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Old 11-07-2009, 08:12 AM
 
Location: Cheswolde
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Did the war ever end?
I ask this question because I have been writing a book about residential segregation Antero Pietila HOME. The focus is on Baltimore which in 1910 became the first city in the United States to decree that each residential block be segregated.
In examining those who advocated that law as well as the three attempts to disfranchise blacks that Democrats made in Maryland between 1905 and 1911 I made an intriguing discovery: All the major advocates of anti-black measures were either Southerners by birth (and many were sons of former slave owners) or, if they were Marylanders, pro-Confederacy activists and sons of slaveholders.
Do we hear echoes of the War of Northern Aggression in today's political discourse?
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Old 11-07-2009, 08:14 AM
 
Location: Wheaton, Illinois
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Originally Posted by barante View Post
Do we hear echoes of the War of Northern Aggression in today's political discourse?
I dunno but we hear echoes of the War of the Rebellion, no doubt.

Have you read "Confederates in the Attic"? Interesting take on some current issues going back to the war such as the new segregation in schools brought about by the disengagement of whites from the public schools in some areas.
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Old 11-07-2009, 10:43 AM
 
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The civil war , no never ended.

The foci still remains race, but other cultural issues- that separate the south still from the north and west coast/upper mid west.

Lincoln preserved the union, but still kept the underlying differences which remain.
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Old 11-07-2009, 11:42 AM
 
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Sure the war ended and the south was added back into the Union. What did not stop was the war on African-Americans.
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Old 11-07-2009, 11:03 PM
 
Location: Somewhere below Mason/Dixon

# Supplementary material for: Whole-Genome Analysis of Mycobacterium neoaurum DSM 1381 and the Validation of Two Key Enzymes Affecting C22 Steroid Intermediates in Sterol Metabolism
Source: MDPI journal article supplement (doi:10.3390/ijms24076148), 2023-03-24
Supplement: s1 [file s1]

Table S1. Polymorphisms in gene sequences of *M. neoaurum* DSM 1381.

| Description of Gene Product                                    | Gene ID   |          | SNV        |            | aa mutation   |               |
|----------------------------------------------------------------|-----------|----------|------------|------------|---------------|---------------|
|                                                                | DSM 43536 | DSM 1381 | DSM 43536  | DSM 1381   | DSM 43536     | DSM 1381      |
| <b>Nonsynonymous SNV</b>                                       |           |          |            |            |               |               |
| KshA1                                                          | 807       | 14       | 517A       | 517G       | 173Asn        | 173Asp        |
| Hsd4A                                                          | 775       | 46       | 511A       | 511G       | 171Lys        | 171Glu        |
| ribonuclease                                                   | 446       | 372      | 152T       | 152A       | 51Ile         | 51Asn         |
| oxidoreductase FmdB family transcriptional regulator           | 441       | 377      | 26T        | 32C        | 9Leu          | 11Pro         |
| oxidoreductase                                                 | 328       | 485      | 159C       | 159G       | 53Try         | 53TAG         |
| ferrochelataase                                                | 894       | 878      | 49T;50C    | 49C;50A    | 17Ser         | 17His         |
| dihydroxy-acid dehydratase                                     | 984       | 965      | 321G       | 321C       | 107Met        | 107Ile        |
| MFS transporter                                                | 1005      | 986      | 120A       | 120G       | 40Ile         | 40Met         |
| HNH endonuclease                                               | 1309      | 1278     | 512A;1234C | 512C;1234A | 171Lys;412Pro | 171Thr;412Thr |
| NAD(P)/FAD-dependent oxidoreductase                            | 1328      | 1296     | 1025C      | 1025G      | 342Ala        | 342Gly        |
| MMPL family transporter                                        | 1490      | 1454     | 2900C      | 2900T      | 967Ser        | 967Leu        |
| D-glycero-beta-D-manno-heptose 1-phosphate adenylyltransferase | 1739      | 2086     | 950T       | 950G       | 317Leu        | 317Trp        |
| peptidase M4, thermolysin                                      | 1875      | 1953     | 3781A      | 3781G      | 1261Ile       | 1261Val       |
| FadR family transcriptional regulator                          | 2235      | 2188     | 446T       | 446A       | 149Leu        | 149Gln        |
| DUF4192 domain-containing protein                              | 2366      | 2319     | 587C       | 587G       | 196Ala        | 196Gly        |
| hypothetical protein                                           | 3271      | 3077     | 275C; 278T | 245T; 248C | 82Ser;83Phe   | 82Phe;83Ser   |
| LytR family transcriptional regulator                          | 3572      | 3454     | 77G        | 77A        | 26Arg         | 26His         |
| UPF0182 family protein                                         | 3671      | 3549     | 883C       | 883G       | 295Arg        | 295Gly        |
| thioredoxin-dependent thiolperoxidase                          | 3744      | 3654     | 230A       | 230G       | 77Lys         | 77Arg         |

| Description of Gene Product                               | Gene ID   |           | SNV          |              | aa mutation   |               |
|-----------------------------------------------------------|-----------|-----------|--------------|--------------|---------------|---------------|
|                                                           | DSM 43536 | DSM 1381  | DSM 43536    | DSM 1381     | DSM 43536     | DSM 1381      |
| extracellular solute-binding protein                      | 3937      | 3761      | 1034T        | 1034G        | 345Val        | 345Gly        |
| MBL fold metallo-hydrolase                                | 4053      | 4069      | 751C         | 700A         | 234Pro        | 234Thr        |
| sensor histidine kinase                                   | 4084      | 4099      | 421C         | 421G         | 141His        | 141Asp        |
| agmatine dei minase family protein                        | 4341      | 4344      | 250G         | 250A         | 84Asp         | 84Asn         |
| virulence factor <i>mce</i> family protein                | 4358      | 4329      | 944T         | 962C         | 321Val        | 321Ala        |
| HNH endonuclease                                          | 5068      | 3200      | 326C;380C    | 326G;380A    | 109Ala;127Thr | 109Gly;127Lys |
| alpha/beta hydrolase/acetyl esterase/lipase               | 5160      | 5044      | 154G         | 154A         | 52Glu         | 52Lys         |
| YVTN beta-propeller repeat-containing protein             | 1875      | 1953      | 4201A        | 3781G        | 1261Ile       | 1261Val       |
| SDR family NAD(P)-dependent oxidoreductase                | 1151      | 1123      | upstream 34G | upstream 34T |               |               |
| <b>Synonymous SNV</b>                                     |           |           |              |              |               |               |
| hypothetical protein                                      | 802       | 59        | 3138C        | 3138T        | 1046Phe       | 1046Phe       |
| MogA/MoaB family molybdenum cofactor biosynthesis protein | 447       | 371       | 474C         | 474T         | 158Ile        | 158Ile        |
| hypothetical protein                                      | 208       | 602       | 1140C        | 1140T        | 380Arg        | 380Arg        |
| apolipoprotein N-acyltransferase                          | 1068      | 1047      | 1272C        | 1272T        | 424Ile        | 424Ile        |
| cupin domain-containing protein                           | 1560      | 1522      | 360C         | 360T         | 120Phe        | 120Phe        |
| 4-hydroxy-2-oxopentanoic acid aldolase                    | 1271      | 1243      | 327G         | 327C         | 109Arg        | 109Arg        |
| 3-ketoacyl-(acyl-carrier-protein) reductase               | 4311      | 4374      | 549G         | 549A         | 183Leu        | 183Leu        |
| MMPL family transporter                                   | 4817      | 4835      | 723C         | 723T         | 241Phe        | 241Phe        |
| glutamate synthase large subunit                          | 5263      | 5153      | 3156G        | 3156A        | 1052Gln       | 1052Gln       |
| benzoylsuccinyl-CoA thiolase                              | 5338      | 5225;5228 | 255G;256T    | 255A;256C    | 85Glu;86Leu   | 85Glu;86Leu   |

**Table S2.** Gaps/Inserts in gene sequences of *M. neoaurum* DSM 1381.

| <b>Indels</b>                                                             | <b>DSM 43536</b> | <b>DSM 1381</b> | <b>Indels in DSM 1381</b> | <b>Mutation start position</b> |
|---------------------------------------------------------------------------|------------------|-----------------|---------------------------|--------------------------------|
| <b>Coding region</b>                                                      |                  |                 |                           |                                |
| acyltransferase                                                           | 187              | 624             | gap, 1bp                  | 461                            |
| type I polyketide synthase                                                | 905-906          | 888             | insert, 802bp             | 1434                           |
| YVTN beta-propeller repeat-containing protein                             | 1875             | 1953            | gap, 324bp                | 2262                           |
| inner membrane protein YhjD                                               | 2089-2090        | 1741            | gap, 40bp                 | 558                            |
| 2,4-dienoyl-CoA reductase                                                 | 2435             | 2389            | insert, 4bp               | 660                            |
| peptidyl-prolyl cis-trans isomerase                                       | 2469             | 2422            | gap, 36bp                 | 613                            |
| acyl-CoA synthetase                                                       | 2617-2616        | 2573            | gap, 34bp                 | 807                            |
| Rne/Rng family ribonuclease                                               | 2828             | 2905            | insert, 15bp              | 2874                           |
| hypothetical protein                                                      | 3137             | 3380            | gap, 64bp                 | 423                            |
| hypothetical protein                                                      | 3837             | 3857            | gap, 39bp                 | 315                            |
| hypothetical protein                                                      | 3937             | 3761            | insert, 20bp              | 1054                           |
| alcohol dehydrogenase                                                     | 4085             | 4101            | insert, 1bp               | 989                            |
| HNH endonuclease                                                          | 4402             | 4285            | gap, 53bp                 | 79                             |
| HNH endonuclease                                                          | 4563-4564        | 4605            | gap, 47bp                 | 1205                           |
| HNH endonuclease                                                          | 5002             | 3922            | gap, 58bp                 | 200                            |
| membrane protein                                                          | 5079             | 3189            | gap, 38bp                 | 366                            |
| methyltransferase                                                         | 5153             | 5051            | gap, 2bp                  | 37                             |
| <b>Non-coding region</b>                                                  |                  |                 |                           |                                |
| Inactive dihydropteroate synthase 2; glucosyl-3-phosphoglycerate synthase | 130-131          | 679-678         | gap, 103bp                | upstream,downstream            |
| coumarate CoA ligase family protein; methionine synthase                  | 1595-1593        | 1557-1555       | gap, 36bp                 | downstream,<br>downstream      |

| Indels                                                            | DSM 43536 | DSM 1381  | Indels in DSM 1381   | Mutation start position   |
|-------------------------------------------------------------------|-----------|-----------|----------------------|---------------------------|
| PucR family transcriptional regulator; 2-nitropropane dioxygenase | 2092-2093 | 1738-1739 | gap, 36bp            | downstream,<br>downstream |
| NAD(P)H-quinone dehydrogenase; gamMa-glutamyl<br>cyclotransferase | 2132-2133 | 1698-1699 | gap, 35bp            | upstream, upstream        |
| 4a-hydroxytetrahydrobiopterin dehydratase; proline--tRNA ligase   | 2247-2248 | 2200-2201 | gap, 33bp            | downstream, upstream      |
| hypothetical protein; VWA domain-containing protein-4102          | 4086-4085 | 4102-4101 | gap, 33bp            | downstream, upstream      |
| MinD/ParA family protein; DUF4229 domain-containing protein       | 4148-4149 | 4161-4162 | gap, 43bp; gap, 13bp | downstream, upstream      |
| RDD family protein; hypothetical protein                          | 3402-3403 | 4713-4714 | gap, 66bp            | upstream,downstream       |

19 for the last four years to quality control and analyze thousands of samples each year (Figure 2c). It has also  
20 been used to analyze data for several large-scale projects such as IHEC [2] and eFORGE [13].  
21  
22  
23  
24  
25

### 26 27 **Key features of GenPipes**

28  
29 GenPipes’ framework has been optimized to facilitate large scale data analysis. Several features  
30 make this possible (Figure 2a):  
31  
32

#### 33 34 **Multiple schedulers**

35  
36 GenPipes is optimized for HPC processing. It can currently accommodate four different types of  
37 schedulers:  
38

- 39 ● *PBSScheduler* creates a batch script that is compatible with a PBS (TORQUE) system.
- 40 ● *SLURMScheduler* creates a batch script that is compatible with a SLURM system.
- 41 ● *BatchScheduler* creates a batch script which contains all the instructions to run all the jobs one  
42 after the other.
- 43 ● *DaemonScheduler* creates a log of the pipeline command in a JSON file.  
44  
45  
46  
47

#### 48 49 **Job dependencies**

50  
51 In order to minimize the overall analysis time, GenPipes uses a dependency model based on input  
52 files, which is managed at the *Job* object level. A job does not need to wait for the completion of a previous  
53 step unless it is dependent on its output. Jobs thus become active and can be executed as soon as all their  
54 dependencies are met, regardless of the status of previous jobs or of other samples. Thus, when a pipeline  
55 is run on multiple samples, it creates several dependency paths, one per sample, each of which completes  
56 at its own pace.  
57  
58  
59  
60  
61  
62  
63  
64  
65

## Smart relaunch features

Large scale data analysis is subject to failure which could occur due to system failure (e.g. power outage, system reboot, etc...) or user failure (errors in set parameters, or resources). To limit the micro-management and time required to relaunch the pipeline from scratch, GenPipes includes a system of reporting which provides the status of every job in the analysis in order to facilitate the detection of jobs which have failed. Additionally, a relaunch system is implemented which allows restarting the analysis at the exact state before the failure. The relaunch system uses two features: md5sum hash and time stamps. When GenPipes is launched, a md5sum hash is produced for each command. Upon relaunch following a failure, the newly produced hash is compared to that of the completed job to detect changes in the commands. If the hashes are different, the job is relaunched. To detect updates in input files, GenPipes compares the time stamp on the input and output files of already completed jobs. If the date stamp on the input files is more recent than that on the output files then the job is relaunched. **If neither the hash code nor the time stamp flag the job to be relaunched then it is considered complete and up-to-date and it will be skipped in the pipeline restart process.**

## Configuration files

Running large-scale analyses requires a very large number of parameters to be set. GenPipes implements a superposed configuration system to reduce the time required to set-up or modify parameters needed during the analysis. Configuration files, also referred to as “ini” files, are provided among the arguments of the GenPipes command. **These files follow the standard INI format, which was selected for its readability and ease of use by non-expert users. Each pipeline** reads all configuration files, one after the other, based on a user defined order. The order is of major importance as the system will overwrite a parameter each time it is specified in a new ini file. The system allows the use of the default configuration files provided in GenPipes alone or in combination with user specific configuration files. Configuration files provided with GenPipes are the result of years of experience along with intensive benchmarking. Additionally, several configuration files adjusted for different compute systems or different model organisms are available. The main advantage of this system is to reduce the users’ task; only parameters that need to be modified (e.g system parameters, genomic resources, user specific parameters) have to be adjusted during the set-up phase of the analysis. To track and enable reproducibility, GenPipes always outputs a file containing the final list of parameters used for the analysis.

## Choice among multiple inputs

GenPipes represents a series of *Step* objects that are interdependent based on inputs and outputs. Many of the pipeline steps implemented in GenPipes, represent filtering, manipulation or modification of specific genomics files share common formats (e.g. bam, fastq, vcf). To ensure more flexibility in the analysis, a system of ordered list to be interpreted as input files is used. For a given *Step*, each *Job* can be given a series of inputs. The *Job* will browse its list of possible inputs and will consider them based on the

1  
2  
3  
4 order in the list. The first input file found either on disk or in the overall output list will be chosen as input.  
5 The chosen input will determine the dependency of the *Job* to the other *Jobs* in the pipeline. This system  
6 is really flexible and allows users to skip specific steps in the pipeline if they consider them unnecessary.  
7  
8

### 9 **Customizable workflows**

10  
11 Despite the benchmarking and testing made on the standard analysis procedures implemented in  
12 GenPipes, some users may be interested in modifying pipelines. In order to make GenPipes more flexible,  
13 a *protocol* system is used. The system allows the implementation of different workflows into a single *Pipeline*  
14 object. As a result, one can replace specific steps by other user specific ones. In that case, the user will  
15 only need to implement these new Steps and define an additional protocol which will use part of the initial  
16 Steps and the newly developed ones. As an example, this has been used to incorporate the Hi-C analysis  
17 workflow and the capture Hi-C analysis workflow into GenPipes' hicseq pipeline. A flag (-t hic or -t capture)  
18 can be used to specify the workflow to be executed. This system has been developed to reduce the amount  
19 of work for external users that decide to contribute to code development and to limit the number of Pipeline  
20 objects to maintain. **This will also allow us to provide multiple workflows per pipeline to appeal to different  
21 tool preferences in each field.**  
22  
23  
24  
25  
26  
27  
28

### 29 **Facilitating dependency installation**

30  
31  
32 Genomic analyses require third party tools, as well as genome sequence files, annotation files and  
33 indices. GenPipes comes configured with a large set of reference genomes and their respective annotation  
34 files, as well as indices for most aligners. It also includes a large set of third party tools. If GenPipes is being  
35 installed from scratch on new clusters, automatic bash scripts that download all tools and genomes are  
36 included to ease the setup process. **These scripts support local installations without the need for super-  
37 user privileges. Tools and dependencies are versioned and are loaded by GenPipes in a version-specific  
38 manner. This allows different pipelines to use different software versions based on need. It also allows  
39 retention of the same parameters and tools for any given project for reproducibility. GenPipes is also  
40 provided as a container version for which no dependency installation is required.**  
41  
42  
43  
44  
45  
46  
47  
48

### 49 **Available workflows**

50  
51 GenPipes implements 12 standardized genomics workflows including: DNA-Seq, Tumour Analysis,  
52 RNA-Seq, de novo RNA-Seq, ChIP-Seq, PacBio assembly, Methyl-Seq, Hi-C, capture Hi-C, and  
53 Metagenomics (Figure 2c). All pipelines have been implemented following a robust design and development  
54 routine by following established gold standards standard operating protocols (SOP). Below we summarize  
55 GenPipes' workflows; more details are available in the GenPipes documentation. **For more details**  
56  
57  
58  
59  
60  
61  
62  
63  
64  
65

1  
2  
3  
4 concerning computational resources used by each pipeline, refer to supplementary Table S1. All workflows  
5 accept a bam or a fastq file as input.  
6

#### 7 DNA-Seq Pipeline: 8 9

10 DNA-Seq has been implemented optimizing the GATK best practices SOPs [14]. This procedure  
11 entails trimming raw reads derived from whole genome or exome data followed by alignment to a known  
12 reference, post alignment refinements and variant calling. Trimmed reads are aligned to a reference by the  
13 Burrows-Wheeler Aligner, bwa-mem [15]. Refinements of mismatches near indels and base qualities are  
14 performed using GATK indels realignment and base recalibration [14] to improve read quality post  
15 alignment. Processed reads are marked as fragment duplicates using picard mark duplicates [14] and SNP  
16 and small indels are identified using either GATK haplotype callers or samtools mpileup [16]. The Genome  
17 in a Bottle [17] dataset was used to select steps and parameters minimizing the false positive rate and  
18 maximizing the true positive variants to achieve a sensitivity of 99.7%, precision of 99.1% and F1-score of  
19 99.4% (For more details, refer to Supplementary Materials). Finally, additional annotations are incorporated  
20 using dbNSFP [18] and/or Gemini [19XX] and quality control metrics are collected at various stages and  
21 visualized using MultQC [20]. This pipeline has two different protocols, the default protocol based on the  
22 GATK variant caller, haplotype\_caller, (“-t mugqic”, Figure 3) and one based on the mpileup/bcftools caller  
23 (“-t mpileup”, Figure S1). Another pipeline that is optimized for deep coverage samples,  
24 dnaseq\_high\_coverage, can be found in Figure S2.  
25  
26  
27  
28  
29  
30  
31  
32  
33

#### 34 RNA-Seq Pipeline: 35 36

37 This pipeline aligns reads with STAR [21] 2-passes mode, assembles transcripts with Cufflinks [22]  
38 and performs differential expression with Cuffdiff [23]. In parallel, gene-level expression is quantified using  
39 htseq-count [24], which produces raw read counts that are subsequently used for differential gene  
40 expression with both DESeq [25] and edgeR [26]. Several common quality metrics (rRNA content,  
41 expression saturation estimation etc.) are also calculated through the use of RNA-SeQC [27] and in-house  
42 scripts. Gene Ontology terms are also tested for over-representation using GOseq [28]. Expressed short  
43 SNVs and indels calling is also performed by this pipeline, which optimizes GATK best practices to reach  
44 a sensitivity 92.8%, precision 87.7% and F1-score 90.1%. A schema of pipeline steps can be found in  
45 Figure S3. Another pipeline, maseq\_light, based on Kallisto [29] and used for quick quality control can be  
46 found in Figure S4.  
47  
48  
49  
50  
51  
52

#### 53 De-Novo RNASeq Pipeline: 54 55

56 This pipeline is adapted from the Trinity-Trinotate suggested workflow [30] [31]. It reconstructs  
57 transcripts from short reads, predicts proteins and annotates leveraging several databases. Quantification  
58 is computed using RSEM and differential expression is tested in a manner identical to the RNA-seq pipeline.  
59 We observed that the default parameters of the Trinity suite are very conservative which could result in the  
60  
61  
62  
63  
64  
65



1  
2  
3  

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Many of the issues of the war were never resolved. The current political divide is proof of that. Obama and his regime believe federal goverment power can be used over the states in order to bring about the social change they desire. The conservatives believe states should retain the power, distrust large goverment and believe in traditional values. How is this that different from 1860???? The north supported larger more powerful federal goverment, while the south stuck to the idea that states were soverign. Yes the slavery issue is long dead, and it was the trigger issue in 1860, however abortion, gay marriage, socialized medicine, federal spending all could become trigger issues in the modern era. Even though the last election suggest that the big goverment folks have won the upper hand, those who cling to traditional American ideas of goverment and culture are still a very large group. Although they are concentrated in the south and mountain west, there are also many of them now in the midwest or even interior California. Confederate flags can be seen on trucks in places like Indiana or Michigan. The tea partys are proof that anger is building, and our political divides are very serious, as they were in the years leading up to the war. Im not saying we are heading for another one (civil war), but I am saying the issues remain unresloved and we need to be careful as a nation how we handle them or we could find ourselves headed down a dark path.
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Old 11-08-2009, 02:36 AM
 
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Why is it that you identify people who fly confederate flags and believe discrimination on the basis of race or any other human condition are those who 'cling to traditional american ideas'?